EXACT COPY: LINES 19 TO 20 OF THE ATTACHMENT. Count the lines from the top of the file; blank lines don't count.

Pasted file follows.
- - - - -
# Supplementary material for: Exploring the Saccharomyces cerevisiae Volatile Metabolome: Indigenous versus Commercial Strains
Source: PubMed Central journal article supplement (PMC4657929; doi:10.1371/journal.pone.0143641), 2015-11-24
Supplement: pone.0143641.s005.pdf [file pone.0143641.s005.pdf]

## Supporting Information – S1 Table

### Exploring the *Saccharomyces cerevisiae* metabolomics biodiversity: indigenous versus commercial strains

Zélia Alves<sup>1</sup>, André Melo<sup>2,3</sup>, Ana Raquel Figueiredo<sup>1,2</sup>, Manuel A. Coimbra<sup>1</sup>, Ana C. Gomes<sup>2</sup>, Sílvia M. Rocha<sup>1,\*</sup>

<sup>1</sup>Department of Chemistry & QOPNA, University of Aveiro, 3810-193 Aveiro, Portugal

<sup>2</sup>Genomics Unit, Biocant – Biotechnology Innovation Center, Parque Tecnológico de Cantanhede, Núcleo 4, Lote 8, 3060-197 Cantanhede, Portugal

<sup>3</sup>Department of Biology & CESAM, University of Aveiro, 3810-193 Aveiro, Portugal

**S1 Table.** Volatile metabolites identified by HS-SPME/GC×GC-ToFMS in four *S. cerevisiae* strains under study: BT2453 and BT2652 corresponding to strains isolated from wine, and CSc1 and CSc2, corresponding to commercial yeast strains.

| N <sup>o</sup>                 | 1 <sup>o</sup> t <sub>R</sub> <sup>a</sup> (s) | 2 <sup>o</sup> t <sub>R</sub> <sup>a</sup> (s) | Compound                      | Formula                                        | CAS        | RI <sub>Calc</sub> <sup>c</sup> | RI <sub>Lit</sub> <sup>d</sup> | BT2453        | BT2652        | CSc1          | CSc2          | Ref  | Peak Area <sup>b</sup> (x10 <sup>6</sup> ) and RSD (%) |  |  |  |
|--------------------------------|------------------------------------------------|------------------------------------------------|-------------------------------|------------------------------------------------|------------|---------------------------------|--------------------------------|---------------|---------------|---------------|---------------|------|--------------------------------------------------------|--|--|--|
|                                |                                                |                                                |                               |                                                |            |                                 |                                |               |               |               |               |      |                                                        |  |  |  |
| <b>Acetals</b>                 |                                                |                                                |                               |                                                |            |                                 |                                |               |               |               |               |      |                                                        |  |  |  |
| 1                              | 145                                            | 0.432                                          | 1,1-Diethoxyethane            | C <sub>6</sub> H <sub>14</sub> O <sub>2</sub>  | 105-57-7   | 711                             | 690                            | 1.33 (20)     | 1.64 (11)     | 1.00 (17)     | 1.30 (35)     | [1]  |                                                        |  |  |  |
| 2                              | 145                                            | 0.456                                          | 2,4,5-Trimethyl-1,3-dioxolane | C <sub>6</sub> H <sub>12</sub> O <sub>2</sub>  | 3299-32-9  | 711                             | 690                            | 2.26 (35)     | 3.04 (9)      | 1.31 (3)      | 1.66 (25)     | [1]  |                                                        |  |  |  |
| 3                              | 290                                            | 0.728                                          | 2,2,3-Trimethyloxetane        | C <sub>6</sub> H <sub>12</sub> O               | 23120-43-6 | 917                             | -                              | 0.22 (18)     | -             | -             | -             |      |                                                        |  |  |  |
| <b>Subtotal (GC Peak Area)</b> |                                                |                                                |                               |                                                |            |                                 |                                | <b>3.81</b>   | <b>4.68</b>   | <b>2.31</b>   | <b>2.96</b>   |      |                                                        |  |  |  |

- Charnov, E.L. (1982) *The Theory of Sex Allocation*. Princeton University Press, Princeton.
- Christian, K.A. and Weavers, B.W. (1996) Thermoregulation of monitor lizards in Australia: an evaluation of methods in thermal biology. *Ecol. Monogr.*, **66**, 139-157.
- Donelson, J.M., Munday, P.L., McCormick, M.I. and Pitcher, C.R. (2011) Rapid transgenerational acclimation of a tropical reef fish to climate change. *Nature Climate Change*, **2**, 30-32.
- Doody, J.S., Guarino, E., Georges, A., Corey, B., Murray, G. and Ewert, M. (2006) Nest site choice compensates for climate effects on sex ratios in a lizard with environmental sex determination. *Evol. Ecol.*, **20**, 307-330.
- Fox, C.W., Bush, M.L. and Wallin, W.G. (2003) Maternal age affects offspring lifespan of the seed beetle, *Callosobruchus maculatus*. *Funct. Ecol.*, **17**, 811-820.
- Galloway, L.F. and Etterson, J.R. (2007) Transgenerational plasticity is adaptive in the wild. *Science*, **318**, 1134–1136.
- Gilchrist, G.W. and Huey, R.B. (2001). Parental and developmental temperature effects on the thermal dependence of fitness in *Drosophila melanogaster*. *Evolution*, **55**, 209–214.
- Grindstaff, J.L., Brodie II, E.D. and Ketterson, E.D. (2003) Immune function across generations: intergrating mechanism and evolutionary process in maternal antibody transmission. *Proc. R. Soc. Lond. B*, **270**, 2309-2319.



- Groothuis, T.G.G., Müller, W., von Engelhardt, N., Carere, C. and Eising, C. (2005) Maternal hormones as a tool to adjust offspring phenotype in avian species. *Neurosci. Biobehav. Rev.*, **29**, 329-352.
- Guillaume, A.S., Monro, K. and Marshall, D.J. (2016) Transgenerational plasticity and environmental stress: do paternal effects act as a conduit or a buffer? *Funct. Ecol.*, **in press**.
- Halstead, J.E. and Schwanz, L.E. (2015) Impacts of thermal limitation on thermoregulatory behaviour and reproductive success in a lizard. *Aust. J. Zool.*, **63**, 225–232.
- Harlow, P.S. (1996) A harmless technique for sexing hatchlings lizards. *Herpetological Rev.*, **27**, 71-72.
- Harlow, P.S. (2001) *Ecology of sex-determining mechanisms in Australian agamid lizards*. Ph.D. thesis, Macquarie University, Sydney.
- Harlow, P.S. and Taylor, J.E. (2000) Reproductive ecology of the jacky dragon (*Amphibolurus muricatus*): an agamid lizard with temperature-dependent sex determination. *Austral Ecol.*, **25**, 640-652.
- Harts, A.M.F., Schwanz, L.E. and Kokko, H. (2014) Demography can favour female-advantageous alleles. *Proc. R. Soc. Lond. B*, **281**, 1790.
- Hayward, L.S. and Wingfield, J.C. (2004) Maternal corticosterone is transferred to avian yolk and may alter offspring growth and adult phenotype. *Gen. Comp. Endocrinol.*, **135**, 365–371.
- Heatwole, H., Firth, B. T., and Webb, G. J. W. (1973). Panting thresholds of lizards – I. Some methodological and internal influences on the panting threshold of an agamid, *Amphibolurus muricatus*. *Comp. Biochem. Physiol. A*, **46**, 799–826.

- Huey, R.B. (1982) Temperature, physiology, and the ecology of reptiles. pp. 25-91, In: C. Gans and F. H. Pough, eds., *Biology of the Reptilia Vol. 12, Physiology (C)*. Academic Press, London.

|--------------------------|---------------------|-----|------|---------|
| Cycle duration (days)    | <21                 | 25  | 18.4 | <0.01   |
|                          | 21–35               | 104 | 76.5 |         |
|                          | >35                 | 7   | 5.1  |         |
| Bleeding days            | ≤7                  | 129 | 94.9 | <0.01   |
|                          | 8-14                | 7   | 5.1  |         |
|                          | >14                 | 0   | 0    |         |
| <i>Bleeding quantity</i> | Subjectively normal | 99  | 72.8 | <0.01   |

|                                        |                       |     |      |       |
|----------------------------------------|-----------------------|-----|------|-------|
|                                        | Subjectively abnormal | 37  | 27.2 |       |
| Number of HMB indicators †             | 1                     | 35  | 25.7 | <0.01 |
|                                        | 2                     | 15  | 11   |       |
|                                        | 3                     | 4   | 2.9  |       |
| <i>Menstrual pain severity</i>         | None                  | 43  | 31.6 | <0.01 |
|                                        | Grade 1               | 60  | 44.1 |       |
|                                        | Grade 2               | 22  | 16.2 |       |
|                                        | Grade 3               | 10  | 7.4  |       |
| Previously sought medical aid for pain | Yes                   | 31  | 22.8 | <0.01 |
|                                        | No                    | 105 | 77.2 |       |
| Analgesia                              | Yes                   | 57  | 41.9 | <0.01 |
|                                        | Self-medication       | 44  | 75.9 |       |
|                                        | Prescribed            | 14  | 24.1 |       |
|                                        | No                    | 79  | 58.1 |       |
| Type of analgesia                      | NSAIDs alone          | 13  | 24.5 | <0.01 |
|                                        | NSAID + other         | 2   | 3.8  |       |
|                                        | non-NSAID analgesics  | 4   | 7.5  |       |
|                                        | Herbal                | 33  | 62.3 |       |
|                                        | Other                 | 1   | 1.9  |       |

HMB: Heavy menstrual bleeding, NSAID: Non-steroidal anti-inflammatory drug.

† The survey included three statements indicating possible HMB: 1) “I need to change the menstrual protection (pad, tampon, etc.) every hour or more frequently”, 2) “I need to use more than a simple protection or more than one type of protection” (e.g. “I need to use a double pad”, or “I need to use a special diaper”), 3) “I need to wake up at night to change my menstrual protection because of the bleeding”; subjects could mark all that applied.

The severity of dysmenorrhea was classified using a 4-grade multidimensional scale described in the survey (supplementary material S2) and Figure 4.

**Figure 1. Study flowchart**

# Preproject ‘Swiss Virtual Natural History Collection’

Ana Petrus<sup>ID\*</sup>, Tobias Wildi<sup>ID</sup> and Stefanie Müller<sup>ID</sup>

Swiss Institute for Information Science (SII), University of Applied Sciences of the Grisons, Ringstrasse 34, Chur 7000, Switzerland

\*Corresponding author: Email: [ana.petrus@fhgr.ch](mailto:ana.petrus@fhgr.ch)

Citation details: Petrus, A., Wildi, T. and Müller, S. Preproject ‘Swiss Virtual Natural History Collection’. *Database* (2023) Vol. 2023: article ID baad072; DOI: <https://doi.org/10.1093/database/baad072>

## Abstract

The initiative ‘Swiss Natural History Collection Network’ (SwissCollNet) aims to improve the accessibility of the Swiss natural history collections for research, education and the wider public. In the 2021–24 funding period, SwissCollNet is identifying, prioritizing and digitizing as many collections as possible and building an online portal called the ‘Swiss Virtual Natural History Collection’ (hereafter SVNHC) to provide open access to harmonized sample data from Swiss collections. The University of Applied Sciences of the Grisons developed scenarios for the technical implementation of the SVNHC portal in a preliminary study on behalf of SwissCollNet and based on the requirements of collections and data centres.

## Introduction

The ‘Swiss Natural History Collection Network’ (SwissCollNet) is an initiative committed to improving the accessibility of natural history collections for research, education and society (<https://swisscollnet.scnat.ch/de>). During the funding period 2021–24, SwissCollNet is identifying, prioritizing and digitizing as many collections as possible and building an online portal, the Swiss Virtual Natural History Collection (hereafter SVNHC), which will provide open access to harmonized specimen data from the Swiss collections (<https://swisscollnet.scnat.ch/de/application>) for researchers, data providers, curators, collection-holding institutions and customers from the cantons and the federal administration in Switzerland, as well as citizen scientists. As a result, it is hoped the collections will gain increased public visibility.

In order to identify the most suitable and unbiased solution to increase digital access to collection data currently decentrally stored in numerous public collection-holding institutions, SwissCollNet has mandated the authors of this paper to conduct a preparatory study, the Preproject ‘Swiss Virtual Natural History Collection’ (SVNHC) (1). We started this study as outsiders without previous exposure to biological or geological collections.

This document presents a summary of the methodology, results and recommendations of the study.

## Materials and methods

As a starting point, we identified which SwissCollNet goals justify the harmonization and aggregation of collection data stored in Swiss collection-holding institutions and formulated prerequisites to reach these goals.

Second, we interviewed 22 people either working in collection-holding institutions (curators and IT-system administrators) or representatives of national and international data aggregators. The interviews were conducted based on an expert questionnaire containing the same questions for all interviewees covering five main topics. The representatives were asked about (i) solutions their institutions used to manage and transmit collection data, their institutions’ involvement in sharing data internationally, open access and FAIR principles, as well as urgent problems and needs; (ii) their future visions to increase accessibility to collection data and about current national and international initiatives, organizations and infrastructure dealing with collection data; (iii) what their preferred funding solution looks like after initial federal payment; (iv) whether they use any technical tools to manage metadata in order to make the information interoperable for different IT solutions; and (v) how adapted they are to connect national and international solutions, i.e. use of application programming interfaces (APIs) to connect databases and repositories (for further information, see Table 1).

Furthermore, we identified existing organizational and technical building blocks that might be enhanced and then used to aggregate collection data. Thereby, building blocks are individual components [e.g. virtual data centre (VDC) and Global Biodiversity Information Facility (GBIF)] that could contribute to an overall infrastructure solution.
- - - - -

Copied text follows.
- Charnov, E.L. (1982) *The Theory of Sex Allocation*. Princeton University Press, Princeton.
- Christian, K.A. and Weavers, B.W. (1996) Thermoregulation of monitor lizards in Australia: an evaluation of methods in thermal biology. *Ecol. Monogr.*, **66**, 139-157.